“I have been here before,” I said; I had been there before; first with Sebastian more than twenty years ago on a cloudless day in June, when the ditches were white with fool’s-parsley and meadowsweet and the air heavy with all the scents of summer; it was a day of peculiar splendour, such as our climate affords once or twice a year, when leaf and flower and bird and sun-lit stone and shadow seem all to proclaim the glory of God; and though I had been there so often, in so many moods, it was to that first visit that my heart returned on this, my latest.” –Evelyn Waugh, “Brideshead Revisited” (Book One, after the Prologue)


a week of first paragraphs–monday

“I can feel the heat closing in, feel them out there making their moves, setting up their devil doll stool pigeons, crooning over my spoon and dropper I throw away at Washington Square Station, vault a turnstile and two flights down the iron stairs, catch an uptown A train… Young, good looking, crew cut, Ivy League, advertising exec type fruit holds the door back for me. I am evidently his idea of a character. You know the type comes on with bartenders and cab drivers, talking about right hooks and Dodgers, call teh counterman in Nedrick’s by his first name. A real asshole. And right on time this narcotics dick in a white trench coat (imagine tailing somebody in a white trench coat–trying to pass as a fag I guess) hit the platform. I can hear the way he would say it holding my outfit in his left hand, right hand on his piece: “I think you dropped something, fella.””  –William S. Burroughs, “Naked Lunch”


rosebud (rose, bud; eros dub; bro dues)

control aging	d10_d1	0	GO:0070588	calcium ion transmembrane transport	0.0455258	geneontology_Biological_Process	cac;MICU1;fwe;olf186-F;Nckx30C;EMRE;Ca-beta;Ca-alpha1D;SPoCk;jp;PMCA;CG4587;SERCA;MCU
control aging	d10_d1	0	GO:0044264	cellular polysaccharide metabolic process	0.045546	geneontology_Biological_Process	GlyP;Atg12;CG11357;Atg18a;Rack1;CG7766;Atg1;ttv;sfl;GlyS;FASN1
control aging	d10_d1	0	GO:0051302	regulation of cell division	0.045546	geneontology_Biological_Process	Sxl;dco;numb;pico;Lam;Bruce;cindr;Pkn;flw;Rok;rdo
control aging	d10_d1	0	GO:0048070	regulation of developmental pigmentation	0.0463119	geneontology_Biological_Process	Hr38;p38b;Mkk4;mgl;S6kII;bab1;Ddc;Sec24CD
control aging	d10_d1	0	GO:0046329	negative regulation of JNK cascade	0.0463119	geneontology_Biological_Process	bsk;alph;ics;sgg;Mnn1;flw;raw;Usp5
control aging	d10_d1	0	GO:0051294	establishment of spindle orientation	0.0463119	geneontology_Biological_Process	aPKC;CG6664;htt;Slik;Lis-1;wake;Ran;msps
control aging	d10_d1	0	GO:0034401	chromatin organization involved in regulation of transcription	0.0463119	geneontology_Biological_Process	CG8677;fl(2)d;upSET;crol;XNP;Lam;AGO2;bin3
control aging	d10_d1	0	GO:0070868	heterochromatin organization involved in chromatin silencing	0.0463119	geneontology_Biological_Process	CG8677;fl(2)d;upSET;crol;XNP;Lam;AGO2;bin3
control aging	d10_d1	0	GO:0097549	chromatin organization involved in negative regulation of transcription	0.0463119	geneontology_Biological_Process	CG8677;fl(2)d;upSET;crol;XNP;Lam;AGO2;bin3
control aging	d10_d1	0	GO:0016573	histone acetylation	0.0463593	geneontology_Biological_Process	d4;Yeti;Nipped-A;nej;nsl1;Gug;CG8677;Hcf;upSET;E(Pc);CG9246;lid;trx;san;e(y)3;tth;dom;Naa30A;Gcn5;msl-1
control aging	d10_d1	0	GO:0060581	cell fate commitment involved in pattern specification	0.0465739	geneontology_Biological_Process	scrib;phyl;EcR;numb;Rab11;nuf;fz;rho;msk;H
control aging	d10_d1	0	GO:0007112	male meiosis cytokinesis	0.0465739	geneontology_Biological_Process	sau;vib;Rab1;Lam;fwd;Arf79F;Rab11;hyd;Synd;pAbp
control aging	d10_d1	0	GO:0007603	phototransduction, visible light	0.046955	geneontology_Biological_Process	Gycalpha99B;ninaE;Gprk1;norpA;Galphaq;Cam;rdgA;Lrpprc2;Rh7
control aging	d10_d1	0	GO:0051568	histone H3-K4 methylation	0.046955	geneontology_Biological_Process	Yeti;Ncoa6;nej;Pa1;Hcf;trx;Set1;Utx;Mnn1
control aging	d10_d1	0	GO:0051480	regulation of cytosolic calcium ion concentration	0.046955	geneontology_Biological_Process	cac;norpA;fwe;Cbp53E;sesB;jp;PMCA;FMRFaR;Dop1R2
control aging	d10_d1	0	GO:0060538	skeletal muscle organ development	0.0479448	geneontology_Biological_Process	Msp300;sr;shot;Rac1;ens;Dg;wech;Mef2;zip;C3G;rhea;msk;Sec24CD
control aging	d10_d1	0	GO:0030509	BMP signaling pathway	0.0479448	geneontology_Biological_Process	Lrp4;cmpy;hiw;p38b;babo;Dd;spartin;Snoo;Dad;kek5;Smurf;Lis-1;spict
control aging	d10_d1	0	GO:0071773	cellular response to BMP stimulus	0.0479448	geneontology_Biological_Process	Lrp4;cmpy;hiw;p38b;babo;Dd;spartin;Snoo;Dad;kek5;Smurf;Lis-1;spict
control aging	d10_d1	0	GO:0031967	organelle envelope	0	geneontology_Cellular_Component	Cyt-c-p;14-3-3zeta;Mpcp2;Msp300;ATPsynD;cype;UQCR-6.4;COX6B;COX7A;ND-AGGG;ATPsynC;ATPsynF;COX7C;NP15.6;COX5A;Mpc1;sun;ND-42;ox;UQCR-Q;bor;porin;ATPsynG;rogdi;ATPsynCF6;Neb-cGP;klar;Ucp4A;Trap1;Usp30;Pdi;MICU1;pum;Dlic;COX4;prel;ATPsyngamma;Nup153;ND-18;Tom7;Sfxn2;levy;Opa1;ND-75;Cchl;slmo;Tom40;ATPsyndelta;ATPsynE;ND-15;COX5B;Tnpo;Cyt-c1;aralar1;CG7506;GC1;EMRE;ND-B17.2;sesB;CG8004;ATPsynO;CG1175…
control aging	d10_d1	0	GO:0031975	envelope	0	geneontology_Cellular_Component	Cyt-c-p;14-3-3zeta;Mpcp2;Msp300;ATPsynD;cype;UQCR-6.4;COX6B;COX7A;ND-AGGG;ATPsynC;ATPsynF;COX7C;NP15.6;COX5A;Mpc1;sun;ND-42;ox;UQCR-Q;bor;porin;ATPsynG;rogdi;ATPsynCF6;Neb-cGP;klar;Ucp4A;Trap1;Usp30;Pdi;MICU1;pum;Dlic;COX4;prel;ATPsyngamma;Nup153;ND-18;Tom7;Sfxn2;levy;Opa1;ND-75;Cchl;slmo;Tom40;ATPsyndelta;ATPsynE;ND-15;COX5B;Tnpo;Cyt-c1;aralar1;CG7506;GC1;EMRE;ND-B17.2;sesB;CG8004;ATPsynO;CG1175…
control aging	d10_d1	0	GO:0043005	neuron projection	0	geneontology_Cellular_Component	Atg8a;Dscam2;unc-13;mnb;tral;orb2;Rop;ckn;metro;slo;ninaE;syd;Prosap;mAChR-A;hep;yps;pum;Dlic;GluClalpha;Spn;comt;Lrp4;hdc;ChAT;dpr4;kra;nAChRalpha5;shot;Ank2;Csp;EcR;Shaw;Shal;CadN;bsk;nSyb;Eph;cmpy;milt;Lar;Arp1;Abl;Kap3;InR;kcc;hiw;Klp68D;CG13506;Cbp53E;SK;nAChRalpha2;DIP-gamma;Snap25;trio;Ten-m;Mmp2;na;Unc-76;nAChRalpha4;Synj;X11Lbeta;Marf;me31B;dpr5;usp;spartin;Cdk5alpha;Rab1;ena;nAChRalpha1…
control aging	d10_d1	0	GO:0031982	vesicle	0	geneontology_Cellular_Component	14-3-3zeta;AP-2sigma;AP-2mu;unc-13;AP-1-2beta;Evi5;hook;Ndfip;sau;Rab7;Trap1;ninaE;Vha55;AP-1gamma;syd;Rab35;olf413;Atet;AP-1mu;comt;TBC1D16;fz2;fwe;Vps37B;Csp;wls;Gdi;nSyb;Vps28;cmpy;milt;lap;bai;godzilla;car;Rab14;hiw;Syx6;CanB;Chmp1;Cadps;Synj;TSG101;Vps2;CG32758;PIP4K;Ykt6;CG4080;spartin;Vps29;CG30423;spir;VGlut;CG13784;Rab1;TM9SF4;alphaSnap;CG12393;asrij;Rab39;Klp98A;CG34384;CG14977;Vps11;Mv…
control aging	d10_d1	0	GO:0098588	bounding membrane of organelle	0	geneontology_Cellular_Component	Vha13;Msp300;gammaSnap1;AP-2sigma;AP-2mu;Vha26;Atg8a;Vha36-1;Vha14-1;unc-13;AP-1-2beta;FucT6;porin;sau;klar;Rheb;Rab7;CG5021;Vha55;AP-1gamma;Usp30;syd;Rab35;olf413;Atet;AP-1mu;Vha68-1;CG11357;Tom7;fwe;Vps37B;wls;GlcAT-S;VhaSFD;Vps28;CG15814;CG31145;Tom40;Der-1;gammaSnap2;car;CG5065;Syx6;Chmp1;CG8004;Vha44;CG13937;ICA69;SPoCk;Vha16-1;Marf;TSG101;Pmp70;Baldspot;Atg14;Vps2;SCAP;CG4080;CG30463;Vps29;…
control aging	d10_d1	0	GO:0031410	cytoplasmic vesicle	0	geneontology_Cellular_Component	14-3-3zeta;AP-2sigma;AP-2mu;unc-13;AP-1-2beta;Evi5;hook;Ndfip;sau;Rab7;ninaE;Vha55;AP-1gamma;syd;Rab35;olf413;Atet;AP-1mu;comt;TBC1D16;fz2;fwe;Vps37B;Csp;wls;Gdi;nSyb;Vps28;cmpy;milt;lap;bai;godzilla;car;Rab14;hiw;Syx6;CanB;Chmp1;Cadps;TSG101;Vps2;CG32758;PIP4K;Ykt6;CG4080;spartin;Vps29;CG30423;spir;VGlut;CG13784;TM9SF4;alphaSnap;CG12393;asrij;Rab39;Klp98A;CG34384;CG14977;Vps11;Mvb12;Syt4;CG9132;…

have you ever watched orson welles’s masterpiece, “citizen kane”?

that is all.

i guess i could tell you that i had to watch it maybe 80 times (alright, an exaggeration, but regardless, it was many, many, many times) when i took a film criticism course at the u of i — chicago circle campus in 197_. this then was when the ‘new’ journalism was all the rage and pauline kael, the movie critic for the new yorker was the ne plus ultra of criticism, dividing the world into those who worshipped at the end of her pen and those who would have thrown her and her ink pot on the nearest pyre and gladly struck the match to ignite the fire.

in spite of having to watch “citizen kane” a gazillion times, what did happen was that i began to understand movies in a new way; firstly, as works of art (which i hadn’t considered before then, sure they were entertainment, and yes, they told a story, but i hadn’t, in my 22 years on the planet, really thought of them as works of art until then. that doesn’t make me a bad person, does it?)

for, just as i had had to do in my french ‘explication de texte’ courses, we had to dissect every little aspect of the movie, actually dismantle it and put it back together again in order to completely inhabit the mind of its creator (shudder, orson was a man of many, shall we say, appetites); how scenes were framed, at what angle they were shot, the use of black and white, its chiaroscuro not unlike a renaissance painting by caravaggio, the foreshadowing (i’ll repeat that: the foreshadowing), the language, the grammar, the way the characters were drawn/conceived, how they interacted, archetypical symbols (my love for carl jung springs from this course of study), and on and on and on.

and then you take all of the parts, considered and parsed for meaning, and toss them all in a light vinaigrette (your perspective) and re-present them on a plate as your understanding of the film and how it affects your world (or doesn’t). “tasty, isn’t it?” you might ask (to no one in particular, it might even be sotto voce or mumbled to yourself) or you may even not think a thing about it, having thoroughly given yourself up to the experience of enjoying the work of a great artist.



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© Robert Patrick, and Cultivar, 2008-2013. Unauthorized use and/or duplication of this material without express and written permission from this blog’s author and/or owner is strictly prohibited. Excerpts, photographs and links may be used, provided that full and clear credit is given to Robert Patrick and Cultivar with appropriate and specific direction to the original content.